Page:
I enjoy shooting revolvers and will continue to do so. I very much enjoy teaching revolver skills. I’ll even continue to carry a revolver in Class A uniform for ceremonial functions because I personally think that they have much more class than any “bottom feeder”.

All things considered; however, I simply have much more faith in a quality semi-automatic for social purposes.

I’m not trying to convinced readers anything here. I know that even though I write that, some readers will assign a conclusion to me and then either praise or cuss me for it. Other readers will be mad, but they won’t know why. Such is the case when you put something on the interweb.

I’m not trying to change Dary’s mind. He is certainly qualified to espouse his conclusion.

As for the Master Instructor class, I shot a perfect score on the qualification course as did two other students. Each of us was shooting a service sized revolver with adjustable sights. Nobody shooting a small frame revolver or one with fixed sights shot a perfect scores. Maybe there is a clue there.

To settle the matter, the three of us participated in a shoot-off. I didn’t win the tiebreaker as I had two failures to fire…


Down the Practical Hole: Part 3

When I wrote the first piece in this series, I wasn’t expecting it to turn into a series, but the responses led to the second piece, which again, I thought would put the issue to rest. It didn’t. It seems that I have stumbled onto a topic that has either sparked or tapped into a previous field of interest among shooters.

The point that I thought I made in Part 1 was that in the current era of the American rifle, the AR is indeed the most practical (and efficient) option. In Part 2, I outlined my selection criteria and why I passed on the OEM factory options on the market.

I KNOW that I can custom build the rifle that I want.

I KNOW that I can modify an existing rifle into what I want.

If I may be graciously blunt, I don’t need either of those options pointed out to me. I’m already aware.

Erik Lund dropped by my Social Shotgun/Levergun Manipulations class yesterday at the Red Hill Range, and he brought along two rifles for testing.  One was a Tikka bolt gun in .308 equipped with a Kinetic Research Group stock, and the other was an AR build in 6.5 Grendel (6.5G).

Tikka .308 and an AR build in 6.5 Grendel

I shot two 10-round mags through the bolt rifle; one each suppressed and unsuppressed.  I fired one mag of Wolf ammo through the AR along with one mag of Hornady 123gr SST.  All shots were on steel at 100 yards.  This was not an extensive test, and I make no pretense that it was.  It was simply to let me get some trigger time with a bolt gun and to get a feel for the 6.5G through an AR.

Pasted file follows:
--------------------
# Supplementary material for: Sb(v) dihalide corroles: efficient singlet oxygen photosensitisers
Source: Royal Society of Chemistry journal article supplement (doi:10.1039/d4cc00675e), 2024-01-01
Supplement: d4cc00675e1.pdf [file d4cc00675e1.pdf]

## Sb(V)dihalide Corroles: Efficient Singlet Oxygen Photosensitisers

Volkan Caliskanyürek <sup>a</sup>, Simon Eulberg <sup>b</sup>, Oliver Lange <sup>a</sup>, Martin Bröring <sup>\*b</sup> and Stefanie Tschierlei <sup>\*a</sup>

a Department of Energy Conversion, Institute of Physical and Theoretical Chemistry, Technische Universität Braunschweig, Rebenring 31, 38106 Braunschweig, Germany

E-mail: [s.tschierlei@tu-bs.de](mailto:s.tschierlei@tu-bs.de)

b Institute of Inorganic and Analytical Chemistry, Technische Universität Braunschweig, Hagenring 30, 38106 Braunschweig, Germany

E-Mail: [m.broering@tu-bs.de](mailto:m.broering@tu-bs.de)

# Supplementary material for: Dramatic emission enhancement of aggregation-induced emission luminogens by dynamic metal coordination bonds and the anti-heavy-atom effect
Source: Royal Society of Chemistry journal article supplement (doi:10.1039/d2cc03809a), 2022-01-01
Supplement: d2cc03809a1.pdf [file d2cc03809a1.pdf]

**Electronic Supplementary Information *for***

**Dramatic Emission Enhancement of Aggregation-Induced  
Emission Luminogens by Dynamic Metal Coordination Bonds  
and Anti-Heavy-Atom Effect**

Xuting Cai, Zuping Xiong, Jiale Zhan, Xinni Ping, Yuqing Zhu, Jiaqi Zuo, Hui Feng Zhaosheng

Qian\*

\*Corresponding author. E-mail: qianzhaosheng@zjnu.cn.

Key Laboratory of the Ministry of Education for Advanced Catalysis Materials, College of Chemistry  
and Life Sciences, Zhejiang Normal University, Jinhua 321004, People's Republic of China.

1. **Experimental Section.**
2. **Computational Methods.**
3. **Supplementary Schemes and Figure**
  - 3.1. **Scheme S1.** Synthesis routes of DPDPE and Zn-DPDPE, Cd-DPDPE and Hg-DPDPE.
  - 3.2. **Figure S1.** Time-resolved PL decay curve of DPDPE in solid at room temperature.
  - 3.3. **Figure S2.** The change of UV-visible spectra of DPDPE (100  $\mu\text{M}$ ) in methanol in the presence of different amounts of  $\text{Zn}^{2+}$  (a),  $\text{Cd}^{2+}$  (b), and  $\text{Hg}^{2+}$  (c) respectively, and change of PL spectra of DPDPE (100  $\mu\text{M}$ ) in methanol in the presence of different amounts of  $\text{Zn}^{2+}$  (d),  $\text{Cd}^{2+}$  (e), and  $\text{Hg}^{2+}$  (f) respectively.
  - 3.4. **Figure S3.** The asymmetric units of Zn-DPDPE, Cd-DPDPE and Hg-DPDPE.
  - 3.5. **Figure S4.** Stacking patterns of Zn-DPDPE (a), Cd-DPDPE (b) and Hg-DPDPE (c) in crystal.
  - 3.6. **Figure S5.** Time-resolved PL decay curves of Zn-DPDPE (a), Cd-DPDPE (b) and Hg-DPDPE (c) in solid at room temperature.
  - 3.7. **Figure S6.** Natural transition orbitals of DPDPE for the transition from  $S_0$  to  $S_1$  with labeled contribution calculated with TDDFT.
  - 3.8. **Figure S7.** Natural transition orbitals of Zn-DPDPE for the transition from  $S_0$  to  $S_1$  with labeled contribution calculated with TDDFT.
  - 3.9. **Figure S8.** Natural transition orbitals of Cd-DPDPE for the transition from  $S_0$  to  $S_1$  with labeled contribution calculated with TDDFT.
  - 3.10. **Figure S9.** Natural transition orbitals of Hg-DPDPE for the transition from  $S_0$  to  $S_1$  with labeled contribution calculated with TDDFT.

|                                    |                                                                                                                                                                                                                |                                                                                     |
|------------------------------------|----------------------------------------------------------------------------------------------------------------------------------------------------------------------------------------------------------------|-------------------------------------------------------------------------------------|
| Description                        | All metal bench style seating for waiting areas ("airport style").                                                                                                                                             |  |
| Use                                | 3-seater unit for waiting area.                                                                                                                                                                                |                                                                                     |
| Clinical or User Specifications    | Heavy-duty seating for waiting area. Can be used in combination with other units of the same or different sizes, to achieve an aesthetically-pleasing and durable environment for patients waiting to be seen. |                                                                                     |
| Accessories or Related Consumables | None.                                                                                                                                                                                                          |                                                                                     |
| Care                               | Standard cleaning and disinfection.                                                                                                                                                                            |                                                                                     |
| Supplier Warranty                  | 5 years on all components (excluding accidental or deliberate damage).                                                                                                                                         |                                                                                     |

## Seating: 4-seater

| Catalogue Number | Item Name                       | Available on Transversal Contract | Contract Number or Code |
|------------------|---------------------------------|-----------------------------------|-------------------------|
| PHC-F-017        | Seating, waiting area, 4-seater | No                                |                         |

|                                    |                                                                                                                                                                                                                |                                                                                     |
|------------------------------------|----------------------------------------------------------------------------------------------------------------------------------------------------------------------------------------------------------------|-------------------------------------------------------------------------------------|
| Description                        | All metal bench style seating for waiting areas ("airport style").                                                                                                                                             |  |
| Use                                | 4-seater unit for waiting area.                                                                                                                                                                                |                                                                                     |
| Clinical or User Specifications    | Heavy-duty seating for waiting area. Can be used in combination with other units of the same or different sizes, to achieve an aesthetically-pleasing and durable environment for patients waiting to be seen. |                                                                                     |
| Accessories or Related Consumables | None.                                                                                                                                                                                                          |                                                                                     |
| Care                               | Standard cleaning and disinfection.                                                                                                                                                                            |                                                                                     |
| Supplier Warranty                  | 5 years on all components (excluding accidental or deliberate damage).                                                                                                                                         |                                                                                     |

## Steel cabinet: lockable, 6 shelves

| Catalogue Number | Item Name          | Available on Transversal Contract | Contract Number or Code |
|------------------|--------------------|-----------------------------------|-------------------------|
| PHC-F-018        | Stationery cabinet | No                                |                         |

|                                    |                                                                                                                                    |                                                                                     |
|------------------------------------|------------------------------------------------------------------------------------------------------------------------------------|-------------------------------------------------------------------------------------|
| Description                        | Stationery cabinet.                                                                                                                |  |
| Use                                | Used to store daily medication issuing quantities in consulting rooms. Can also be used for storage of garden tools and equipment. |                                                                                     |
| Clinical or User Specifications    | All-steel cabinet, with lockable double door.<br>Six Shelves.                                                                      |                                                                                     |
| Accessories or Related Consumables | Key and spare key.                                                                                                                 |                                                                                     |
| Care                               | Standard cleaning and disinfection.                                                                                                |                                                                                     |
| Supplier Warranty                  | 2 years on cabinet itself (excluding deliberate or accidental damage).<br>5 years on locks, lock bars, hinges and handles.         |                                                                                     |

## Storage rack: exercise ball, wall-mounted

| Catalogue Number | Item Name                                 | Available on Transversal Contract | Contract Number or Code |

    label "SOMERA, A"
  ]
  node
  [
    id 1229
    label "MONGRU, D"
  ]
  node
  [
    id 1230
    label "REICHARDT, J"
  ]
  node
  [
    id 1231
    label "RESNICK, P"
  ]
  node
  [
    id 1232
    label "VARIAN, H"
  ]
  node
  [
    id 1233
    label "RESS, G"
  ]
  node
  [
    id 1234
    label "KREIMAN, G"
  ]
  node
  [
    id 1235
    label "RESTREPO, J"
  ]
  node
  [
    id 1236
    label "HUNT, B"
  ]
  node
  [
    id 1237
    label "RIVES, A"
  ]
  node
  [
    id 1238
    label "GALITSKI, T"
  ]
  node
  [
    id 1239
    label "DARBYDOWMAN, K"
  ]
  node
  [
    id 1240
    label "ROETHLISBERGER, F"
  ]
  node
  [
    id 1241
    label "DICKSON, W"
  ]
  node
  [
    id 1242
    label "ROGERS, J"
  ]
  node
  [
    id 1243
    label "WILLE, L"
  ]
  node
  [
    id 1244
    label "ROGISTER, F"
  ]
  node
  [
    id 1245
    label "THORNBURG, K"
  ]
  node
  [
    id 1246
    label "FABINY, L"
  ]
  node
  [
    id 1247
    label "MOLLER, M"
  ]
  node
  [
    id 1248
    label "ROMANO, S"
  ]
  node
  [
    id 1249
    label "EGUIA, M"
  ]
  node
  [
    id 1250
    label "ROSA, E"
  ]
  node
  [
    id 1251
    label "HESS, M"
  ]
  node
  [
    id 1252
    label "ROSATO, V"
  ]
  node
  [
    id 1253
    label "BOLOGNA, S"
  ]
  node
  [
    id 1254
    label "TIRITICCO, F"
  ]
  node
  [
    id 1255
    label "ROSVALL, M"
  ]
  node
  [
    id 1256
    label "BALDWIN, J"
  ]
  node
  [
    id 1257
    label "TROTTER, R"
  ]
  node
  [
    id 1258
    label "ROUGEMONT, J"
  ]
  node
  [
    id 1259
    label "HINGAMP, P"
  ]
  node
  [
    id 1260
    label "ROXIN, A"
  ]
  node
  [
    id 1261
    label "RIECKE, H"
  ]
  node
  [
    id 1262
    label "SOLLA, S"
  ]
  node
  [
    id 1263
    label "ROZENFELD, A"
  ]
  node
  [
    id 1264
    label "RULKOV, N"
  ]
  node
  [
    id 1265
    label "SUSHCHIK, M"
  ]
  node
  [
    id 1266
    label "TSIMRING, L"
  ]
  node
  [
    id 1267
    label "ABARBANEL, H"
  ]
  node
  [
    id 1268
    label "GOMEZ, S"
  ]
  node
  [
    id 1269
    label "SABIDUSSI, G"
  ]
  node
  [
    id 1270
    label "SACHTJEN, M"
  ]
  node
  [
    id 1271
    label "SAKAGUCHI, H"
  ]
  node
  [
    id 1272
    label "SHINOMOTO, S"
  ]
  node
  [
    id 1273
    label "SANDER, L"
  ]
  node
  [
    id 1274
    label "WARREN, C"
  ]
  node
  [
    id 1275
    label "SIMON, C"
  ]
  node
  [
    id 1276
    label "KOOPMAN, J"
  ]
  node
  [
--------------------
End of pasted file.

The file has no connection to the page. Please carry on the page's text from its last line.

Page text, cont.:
The session led me to two conclusions.  The first is that my determination in Part 1 holds true.  The AR was pleasant to shoot.  The recoil was hardly more than that of an AR in .300 Blackout, but the ballistics are far superior, and I am simply a few mouse clicks away from the configuration I desire.

The recoil from the .308 was not harsh.  It had more muzzle rise than push against the shoulder.  However, a lighter recoiling round such as the 6.5 Creedmoor would be more to my liking.  The 20″ barrel was heavier and more unwieldy than what I want for the intended role.   Thus, my specs of a lighter, handier bolt gun as outlined in Part 2 were validated.

Even though I am now more convinced of the expediency of the AR-option, I am still intrigued by the idea of a bolt gun, and I keep coming back to a particular rifle.  I just need to get my hands on one to see if I like the feel of the stock.  If I do, perhaps there will be a Part 4.

I’ll close with the following video.  There’s a rifleman in it doing some impressive work, and I imagine one of those straight pull bolt rifles would be mighty practical.



Down the Practical Hole: Part 2

When I wrote Down the Practical Hole, I had no intention of it leading to additional articles on the topic, but the responses have been both amusing and bemusing, and I am thus prompted to write at least Part 2.  Whether or not there will be a Part 3 will depend upon whether or not I move forward in this line or if I simply accept my previous conclusion and purchase an appropriate AR-upper.

I specifically didn’t outline my preferred specifications as I knew I was posting the piece on the interweb and that there were would be no shortage of people willing to tell me that I was wrong about what I want in my rifle.

I’m not trying to pick a rifle for anyone else.  I’m picking a rifle for me, and I don’t imagine myself to be Jeff Cooper.  As I am not trying to convince anyone of anything here, I won’t argue my specifications.

At this point, I want to thank Erik Lund for patiently enduring my barrage of phone calls and text messages as we painstakingly evaluated options.  Erik has been extremely generous with his time and expertise for as long as I have known him.

I do appreciate the many well-intentioned suggestions of “Have you looked at the XYZ rifle?”, but when I stated that I studied the current offerings and found none to my liking I must not have been clear because what I meant was that I had studied the current offerings and found none to my liking.

Here we go:

First, let’s dispense with the caliber discussion.  I wanted a round capable of taking hog and deer sized game at 300 yards, perhaps 400.  Erik is quite fond of the 6.5 Grendel; so, I looked at several options in that round.  Quite frankly, if the Ruger American Ranch were available in 6.5 Grendel, the search would have started and stopped there.  Yes, I know they offer it in other configurations of the American, but none are to my liking.  As I wrote in the original piece, I didn’t want to spend a lot of money and effort on mods.